Associations between self-reported healthcare disruption due to covid-19 and avoidable hospital admission: evidence from seven linked longitudinal studies for England



Green, Mark A ORCID: 0000-0002-0942-6628, McKee, Martin, Hamilton, Olivia KL, Shaw, Richard J, Macleod, John, Boyd, Andy and Katikireddi, Srinivasa Vittal
(2023) Associations between self-reported healthcare disruption due to covid-19 and avoidable hospital admission: evidence from seven linked longitudinal studies for England. BMJ-BRITISH MEDICAL JOURNAL, 382. e075133-.

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Abstract

<h4>Objectives</h4>To examine whether there is an association between people who experienced disrupted access to healthcare during the covid-19 pandemic and risk of an avoidable hospital admission.<h4>Design</h4>Observational analysis using evidence from seven linked longitudinal cohort studies for England.<h4>Setting</h4>Studies linked to electronic health records from NHS Digital from 1 March 2020 to 25 August 2022. Data were accessed using the UK Longitudinal Linkage Collaboration trusted research environment.<h4>Participants</h4>Individual level records for 29 276 people.<h4>Main outcome measures</h4>Avoidable hospital admissions defined as emergency hospital admissions for ambulatory care sensitive and emergency urgent care sensitive conditions.<h4>Results</h4>9742 participants (weighted percentage 35%, adjusted for sample structure of longitudinal cohorts) self-reported some form of disrupted access to healthcare during the covid-19 pandemic. People with disrupted access were at increased risk of any (odds ratio 1.80, 95% confidence interval 1.39 to 2.34), acute (2.01, 1.39 to 2.92), and chronic (1.80, 1.31 to 2.48) ambulatory care sensitive hospital admissions. For people who experienced disrupted access to appointments (eg, visiting their doctor or an outpatient department) and procedures (eg, surgery, cancer treatment), positive associations were found with measures of avoidable hospital admissions.<h4>Conclusions</h4>Evidence from linked individual level data shows that people whose access to healthcare was disrupted were more likely to have a potentially preventable hospital admission. The findings highlight the need to increase healthcare investment to tackle the short and long term implications of the pandemic, and to protect treatments and procedures during future pandemics.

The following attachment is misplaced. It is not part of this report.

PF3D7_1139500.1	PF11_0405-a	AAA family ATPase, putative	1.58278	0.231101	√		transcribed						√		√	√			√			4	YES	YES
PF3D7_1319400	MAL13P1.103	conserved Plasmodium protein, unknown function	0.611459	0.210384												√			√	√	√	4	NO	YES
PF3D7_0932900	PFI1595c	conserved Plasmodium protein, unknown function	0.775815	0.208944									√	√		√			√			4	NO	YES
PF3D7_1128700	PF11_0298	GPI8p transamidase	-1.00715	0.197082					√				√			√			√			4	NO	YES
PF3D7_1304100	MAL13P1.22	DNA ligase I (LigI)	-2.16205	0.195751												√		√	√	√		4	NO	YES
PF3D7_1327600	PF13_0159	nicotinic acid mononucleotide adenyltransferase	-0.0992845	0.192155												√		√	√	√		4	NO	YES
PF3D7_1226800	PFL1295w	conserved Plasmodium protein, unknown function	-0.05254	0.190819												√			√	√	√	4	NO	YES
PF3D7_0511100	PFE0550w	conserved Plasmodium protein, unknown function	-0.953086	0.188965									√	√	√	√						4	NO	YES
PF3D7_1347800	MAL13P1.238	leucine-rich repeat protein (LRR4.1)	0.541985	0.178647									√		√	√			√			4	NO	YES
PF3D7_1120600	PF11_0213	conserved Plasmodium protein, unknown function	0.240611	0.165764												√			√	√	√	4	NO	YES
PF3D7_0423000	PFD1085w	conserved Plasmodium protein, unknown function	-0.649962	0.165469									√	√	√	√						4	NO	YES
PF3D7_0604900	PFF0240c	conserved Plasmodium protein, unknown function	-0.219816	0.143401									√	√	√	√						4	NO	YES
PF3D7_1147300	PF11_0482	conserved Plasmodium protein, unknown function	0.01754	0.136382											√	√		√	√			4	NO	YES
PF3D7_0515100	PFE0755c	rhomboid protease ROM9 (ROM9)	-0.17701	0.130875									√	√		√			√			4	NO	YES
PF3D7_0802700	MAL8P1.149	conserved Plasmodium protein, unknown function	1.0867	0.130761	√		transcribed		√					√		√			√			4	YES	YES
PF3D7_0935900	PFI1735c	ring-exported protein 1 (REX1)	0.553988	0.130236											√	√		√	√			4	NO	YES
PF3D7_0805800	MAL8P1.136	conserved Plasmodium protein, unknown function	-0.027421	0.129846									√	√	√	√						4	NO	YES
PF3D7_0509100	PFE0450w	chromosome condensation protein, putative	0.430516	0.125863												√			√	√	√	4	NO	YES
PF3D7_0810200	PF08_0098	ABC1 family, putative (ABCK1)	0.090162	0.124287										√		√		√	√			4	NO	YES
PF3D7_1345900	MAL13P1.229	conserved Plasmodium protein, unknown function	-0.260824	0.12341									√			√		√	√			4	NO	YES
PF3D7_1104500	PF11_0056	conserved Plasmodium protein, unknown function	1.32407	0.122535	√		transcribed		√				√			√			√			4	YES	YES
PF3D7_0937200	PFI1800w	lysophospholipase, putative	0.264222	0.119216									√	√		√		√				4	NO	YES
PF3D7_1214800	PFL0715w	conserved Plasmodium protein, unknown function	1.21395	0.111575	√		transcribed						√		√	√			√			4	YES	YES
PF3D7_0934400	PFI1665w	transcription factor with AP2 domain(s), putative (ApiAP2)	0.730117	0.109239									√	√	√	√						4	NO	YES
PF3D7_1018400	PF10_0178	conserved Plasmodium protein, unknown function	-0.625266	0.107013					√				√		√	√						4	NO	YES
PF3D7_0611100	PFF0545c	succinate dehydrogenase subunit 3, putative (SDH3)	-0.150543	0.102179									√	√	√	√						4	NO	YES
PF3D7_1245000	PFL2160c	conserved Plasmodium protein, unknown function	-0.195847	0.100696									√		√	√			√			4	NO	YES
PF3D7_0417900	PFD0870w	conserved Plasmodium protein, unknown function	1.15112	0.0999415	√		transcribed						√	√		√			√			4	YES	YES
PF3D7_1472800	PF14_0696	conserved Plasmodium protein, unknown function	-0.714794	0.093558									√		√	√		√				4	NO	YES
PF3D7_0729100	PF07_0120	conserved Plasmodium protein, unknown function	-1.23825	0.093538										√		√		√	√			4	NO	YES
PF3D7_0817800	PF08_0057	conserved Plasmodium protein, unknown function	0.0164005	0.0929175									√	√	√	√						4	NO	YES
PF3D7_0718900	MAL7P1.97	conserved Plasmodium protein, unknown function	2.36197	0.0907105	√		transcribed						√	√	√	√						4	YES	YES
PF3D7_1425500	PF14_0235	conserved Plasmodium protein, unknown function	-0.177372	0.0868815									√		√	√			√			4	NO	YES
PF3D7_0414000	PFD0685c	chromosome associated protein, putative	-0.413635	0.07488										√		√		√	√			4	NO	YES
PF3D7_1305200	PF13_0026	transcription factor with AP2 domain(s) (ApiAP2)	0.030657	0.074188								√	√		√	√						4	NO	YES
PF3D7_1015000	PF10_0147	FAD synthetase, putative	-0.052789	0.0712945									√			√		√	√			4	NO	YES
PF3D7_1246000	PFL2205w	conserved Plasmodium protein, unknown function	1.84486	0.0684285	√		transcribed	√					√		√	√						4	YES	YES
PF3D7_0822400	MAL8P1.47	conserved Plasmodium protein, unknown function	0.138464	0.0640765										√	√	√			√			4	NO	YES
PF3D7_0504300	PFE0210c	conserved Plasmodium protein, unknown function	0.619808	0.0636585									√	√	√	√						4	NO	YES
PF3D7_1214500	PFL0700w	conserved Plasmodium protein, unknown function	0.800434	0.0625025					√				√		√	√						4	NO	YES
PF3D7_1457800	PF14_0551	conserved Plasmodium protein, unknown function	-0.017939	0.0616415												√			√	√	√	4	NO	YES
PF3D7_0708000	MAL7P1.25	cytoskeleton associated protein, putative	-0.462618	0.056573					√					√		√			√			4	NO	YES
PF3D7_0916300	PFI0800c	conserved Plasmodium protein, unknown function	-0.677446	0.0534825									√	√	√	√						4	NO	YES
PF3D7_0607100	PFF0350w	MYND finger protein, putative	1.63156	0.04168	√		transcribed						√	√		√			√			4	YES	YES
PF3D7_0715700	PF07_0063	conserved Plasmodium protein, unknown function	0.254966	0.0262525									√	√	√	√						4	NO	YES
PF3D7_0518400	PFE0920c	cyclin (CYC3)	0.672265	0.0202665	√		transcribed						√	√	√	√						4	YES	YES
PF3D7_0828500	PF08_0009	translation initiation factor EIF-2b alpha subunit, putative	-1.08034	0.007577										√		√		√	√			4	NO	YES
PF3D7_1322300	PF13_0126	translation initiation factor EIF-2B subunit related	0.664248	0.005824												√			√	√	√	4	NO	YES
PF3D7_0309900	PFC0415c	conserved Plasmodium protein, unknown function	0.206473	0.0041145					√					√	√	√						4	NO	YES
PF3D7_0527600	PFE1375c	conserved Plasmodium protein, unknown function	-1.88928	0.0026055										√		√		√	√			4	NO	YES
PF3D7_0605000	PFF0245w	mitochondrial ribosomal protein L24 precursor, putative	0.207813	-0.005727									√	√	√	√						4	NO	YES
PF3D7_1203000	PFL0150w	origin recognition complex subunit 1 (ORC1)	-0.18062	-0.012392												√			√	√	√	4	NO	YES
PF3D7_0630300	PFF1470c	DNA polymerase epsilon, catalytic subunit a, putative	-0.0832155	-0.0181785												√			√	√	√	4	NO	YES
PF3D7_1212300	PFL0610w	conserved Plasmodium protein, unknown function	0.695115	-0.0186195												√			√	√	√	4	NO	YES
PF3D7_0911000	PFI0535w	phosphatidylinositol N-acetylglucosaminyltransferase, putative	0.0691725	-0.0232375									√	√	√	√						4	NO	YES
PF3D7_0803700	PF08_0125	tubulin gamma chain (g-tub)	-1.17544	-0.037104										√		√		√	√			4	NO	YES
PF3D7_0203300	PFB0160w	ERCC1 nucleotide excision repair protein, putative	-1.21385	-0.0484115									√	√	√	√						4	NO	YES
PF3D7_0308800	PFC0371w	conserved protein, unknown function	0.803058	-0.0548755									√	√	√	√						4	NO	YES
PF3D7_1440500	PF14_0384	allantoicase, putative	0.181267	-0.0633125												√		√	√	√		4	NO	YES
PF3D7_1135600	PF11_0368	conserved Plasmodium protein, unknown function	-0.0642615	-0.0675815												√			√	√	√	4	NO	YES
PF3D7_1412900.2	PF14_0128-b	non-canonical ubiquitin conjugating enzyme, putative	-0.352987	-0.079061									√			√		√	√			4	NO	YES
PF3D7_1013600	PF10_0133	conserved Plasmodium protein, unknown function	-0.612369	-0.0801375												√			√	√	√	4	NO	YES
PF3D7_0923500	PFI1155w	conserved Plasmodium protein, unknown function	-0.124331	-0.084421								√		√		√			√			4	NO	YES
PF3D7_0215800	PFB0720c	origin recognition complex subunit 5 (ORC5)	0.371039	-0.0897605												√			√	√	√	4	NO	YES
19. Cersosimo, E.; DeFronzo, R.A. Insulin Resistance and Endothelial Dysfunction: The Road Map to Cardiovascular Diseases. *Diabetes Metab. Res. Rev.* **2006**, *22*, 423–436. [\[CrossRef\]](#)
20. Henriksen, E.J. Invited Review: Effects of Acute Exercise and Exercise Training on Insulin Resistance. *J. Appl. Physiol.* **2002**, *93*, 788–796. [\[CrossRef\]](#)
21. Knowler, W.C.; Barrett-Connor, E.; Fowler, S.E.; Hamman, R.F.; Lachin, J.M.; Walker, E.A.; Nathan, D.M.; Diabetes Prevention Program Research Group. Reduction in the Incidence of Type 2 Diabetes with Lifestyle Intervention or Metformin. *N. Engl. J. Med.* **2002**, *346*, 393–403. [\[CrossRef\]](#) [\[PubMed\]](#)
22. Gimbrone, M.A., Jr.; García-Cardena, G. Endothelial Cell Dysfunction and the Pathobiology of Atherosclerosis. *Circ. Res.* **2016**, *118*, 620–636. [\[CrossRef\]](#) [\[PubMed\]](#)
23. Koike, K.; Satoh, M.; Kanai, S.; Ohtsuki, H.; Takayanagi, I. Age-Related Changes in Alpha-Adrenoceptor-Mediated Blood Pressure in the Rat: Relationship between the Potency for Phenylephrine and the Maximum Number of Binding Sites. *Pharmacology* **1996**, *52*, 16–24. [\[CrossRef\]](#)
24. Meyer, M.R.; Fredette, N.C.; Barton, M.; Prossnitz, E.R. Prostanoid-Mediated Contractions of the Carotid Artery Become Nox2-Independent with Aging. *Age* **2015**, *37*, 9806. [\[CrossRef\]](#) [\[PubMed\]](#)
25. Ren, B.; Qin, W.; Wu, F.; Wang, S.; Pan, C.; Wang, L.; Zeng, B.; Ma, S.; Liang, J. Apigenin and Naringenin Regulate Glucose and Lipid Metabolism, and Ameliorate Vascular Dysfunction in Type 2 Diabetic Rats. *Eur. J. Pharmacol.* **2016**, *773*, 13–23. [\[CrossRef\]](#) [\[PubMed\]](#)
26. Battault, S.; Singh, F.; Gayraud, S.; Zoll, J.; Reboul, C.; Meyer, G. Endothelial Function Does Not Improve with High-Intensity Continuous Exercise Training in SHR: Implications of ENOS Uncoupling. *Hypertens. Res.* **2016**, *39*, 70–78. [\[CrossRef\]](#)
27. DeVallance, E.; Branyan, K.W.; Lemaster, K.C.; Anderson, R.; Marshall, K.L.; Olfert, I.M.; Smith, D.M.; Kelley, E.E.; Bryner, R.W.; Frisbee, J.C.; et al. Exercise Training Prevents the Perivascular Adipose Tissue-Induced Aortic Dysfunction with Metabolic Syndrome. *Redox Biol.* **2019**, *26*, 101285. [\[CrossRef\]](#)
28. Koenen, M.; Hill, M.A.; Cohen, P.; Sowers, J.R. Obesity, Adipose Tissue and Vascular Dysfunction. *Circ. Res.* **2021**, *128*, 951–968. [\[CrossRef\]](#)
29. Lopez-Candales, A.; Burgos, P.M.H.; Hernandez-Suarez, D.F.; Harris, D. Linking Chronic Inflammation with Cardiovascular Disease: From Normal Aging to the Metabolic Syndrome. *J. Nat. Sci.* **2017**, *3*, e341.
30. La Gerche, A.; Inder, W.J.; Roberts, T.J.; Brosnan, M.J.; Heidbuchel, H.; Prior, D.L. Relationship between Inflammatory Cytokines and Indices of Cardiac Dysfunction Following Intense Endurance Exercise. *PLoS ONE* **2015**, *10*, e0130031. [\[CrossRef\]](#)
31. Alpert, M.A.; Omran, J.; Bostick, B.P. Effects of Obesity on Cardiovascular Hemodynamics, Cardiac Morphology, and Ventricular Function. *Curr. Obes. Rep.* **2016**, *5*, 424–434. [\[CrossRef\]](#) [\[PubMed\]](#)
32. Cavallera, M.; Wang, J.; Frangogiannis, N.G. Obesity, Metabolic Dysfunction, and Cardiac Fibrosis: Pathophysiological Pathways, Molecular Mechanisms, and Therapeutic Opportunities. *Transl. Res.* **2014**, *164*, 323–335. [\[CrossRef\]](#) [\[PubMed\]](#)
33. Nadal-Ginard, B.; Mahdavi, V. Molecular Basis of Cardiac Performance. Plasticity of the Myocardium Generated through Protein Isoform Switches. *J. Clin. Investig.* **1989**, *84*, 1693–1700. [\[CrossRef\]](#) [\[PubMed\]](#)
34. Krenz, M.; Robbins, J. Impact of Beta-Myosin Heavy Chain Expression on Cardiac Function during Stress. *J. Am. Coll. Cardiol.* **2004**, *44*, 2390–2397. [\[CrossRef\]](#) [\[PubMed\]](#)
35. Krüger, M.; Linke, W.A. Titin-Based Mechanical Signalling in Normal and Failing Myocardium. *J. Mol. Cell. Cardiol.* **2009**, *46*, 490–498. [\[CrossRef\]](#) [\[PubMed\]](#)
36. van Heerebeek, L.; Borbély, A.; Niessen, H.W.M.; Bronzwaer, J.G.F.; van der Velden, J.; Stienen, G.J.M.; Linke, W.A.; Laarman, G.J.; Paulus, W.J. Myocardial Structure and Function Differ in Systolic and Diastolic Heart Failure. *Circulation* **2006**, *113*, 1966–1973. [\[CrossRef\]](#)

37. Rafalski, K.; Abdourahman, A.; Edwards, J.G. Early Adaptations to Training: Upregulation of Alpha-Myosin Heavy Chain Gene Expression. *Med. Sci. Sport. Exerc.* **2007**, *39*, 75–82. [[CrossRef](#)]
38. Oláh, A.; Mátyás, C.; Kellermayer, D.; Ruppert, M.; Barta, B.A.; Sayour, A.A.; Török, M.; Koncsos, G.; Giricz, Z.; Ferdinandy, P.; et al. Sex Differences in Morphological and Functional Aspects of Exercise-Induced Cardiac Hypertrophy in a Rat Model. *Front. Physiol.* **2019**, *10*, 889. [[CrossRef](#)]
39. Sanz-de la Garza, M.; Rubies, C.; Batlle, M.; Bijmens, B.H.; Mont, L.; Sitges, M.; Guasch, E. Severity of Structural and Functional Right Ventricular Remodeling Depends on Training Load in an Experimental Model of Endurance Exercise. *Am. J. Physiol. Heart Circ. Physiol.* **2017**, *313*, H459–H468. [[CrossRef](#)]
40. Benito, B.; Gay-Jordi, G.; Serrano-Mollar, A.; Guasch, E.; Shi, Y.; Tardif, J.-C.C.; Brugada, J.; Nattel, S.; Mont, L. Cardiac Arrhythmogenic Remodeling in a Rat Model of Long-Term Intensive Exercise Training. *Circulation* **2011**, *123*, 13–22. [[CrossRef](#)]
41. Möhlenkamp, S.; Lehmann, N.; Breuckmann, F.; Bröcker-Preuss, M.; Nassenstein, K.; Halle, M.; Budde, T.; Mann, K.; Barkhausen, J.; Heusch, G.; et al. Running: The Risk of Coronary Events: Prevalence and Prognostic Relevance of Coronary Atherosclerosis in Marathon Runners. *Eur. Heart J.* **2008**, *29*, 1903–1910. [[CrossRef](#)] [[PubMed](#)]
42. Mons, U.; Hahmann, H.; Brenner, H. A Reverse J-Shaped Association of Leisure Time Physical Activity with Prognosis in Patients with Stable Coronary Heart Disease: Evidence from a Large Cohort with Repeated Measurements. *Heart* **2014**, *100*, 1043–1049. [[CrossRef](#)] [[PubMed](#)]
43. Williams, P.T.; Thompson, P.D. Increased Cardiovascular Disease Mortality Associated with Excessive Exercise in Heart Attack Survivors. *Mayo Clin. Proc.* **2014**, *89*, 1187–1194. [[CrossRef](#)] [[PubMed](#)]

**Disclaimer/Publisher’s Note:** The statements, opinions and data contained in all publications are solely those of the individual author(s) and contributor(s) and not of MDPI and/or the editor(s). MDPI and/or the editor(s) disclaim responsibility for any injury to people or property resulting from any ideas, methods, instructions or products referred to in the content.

Item Type: Article
Uncontrolled Keywords: LH&W NCS Collaborative, Humans, Hospitalization, Longitudinal Studies, Hospitals, Delivery of Health Care, England, Self Report, Pandemics, COVID-19
Divisions: Faculty of Science and Engineering > School of Environmental Sciences
Depositing User: Symplectic Admin
Date Deposited: 07 Jun 2023 08:21
Last Modified: 23 Aug 2023 21:59
DOI: 10.1136/bmj-2023-075133
Related URLs:
URI: https://livrepository.liverpool.ac.uk/id/eprint/3170852